Now, the children can add grass, flowers, and other objects. Granted, all the houses will look identical, with similar landscaping, but the children can move from house to house, adding details that are unique to each, if they want.

In creating a scene such as this, children will learn to use the commands to define and draw procedures. They will begin to see natural patterns in the world around them, and they will be aware of similarities that will start them thinking in terms of procedures, the repeatable events and designs that the turtle can learn.

Food for Thought…

Here are some questions to discuss after exploring KL5.

  1. Can you define familiar patterns as procedures?
  2. Can you write procedure instructions (in English) for other everyday activities similar to “Wash your hands?”
  3. Can you define a procedure that draws a border around the screen? Then you can frame your pictures. (Make sure that the turtle starts and ends at its Home.)
  4. Give someone directions for how to get from your room to the kitchen (or from your classroom to the cafeteria).
  5. Tell someone how to jump rope without using your hands as you talk.
  6. Pretend to be a robot and listen for directions given to you.
  7. Can you have the turtle draw words using procedures for individual letters?
Parting Thoughts

Where does your child go from here? A number of resources are available from Terrapin to help you learn Logo with your child. Be sure that your children still have the same opportunities to explore and discover on their own. Maintain the same atmosphere of creative exploration as children learn how to create their own procedures using the Logo editor and play with words and lists.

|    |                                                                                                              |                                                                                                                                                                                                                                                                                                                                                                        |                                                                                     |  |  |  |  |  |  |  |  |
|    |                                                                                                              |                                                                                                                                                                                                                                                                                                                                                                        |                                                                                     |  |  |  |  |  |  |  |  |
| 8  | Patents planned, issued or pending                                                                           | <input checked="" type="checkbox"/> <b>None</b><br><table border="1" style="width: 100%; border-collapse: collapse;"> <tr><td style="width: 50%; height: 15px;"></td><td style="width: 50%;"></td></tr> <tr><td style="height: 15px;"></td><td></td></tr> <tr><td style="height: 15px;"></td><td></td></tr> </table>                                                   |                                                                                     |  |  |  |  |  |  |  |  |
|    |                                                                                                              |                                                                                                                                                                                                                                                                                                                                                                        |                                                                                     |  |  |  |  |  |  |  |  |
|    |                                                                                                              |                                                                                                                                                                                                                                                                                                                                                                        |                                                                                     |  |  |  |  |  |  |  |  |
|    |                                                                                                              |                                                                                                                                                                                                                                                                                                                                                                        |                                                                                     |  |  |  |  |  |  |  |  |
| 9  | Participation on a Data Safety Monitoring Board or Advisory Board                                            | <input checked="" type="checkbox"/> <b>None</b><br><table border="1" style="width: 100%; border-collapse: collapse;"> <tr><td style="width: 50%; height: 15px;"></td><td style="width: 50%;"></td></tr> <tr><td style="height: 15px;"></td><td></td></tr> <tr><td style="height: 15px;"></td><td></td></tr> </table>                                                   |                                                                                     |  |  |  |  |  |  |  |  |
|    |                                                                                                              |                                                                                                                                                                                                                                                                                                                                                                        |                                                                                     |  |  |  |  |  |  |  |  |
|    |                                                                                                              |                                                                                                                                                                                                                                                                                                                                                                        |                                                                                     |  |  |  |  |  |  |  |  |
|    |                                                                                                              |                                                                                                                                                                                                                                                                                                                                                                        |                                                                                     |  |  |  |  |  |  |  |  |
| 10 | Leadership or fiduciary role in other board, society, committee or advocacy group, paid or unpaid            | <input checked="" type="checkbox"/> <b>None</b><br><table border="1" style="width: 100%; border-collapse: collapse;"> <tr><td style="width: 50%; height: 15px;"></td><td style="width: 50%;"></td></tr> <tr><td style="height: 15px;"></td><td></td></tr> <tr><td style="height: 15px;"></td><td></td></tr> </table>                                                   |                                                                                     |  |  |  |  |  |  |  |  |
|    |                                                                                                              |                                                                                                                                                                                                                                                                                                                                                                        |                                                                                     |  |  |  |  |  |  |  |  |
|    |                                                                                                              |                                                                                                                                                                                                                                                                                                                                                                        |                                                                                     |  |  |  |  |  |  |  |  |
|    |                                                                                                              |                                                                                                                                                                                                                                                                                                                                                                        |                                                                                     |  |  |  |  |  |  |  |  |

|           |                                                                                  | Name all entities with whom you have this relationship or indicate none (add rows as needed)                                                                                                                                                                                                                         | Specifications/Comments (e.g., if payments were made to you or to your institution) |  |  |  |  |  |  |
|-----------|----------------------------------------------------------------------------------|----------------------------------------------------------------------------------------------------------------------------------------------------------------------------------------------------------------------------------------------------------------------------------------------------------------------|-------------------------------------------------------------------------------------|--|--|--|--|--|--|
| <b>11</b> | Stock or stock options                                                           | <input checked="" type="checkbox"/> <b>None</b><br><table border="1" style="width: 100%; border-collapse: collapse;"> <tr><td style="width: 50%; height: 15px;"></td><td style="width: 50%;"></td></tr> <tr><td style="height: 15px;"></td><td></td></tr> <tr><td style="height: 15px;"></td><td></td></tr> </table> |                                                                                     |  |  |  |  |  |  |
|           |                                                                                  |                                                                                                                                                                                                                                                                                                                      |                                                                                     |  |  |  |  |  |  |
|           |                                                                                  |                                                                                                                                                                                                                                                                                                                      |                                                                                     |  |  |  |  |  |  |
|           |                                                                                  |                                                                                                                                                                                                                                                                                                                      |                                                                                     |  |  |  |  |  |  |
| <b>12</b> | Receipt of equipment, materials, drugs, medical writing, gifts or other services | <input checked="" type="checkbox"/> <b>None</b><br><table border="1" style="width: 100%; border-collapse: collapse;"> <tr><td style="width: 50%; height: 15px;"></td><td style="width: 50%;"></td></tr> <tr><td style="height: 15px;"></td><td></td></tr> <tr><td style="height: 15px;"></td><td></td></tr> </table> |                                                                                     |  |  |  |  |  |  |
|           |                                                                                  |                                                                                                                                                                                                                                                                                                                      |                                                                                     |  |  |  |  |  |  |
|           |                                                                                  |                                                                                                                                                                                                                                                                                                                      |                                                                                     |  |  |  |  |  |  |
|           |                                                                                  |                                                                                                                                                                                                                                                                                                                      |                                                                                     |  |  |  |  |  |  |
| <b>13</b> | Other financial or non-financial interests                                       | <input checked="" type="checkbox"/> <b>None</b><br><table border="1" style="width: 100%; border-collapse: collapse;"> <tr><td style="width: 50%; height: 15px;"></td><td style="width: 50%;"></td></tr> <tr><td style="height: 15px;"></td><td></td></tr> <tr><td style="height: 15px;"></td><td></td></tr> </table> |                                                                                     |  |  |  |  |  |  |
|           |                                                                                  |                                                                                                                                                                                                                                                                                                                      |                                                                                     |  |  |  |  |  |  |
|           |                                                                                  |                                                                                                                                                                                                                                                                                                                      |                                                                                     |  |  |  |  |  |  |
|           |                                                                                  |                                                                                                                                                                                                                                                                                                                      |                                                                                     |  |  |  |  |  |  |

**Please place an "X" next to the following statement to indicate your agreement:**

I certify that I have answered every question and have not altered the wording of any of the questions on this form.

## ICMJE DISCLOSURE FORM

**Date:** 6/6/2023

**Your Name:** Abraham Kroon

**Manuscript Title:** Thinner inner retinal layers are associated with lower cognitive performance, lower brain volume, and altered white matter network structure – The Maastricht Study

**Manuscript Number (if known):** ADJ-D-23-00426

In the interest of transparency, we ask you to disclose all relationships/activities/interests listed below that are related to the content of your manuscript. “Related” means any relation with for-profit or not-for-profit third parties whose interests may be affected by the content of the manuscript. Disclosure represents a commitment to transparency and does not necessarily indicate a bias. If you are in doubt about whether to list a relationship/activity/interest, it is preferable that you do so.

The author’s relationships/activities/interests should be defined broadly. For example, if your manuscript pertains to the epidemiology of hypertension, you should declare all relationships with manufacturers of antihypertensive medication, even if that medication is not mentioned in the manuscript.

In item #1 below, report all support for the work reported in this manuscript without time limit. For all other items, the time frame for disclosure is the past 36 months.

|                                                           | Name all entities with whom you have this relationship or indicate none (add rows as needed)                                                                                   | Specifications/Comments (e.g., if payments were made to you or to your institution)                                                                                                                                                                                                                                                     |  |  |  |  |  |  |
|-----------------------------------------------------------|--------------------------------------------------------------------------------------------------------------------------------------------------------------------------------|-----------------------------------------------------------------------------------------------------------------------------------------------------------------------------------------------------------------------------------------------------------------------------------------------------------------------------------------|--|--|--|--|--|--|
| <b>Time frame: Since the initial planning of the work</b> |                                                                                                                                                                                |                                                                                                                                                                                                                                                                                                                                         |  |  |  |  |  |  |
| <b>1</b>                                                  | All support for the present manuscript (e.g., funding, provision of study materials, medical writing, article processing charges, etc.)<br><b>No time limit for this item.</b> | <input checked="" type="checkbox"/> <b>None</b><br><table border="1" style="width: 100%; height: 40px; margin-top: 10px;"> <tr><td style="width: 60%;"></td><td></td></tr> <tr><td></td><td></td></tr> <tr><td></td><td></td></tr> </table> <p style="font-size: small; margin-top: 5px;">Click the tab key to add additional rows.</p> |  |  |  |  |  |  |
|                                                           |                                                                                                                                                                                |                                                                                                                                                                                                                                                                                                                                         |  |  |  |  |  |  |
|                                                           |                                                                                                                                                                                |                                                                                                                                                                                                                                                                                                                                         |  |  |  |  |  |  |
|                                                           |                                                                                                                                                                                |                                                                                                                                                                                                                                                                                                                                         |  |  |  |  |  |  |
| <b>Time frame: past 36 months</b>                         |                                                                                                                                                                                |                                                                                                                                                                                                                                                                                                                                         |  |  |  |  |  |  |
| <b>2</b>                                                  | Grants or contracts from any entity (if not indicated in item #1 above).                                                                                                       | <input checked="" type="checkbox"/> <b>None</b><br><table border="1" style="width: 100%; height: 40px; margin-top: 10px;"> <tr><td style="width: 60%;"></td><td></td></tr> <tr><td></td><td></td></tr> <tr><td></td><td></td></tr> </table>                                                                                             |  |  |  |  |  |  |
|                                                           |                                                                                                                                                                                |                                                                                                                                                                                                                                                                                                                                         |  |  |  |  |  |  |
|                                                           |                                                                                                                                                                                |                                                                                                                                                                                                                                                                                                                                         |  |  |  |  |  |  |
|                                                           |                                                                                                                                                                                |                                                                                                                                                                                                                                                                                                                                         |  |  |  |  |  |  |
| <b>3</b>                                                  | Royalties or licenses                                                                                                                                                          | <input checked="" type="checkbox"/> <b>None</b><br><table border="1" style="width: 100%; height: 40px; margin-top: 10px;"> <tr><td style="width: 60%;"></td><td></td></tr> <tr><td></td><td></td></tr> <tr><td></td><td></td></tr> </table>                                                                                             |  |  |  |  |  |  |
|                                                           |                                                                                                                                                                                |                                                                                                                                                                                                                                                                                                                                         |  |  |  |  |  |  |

Children can learn to program in the Logo language. As well as being an educational environment that encourages creative exploration and mathematical discoveries, Logo is also a complete computer language in which complex programs (such as Kinderlogo) can be developed. Logo is a language that children can start with at an early age and grow with over many years.

When your children are ready, take the plunge into the full Logo language.

Children will be familiar with the turtle and can spend time during beginning sessions in Logo exploring the entire range of numbers that Logo provides.

Expect a return to exploratory behavior as they move the turtle forward by tiny steps and huge bounds. They will delight in wrapping the turtle around the screen at every angle using the biggest numbers they can imagine. They will add color to create pictures that look like balls of yarn that the cat has been into or plates of spaghetti. Again, their time exploring is not time wasted; there is serious learning taking place. Don’t deprive your child of this valuable experience.

Then, just as in early Kinderlogo sessions, the pictures will become more compact and tightly woven. Through trial and error, the children will discover some significant numbers to make the turtle point in certain directions. With Kinderlogo experiences as a foundation, their first Logo explorations will be made with confidence and curiosity.

Sit with your children and learn all that the Logo language has to offer. Help them discover math in a natural setting, plan projects, and look for patterns and relationships in the world around them.

You may remember a graph paper sailboat picture. When six-year-old Freddie was beginning with Kinderlogo, he drew that design. As he explored Kinderlogo, the seed of his idea germinated and grew. When he was ready for Logo, Freddie was able to capture his sailboat. One of his first Logo creations was the sailboat below, inspired by his original artwork.


Logo offers an all-encompassing learning experience. Let it take hold of you and your children and grow with it for many years to come.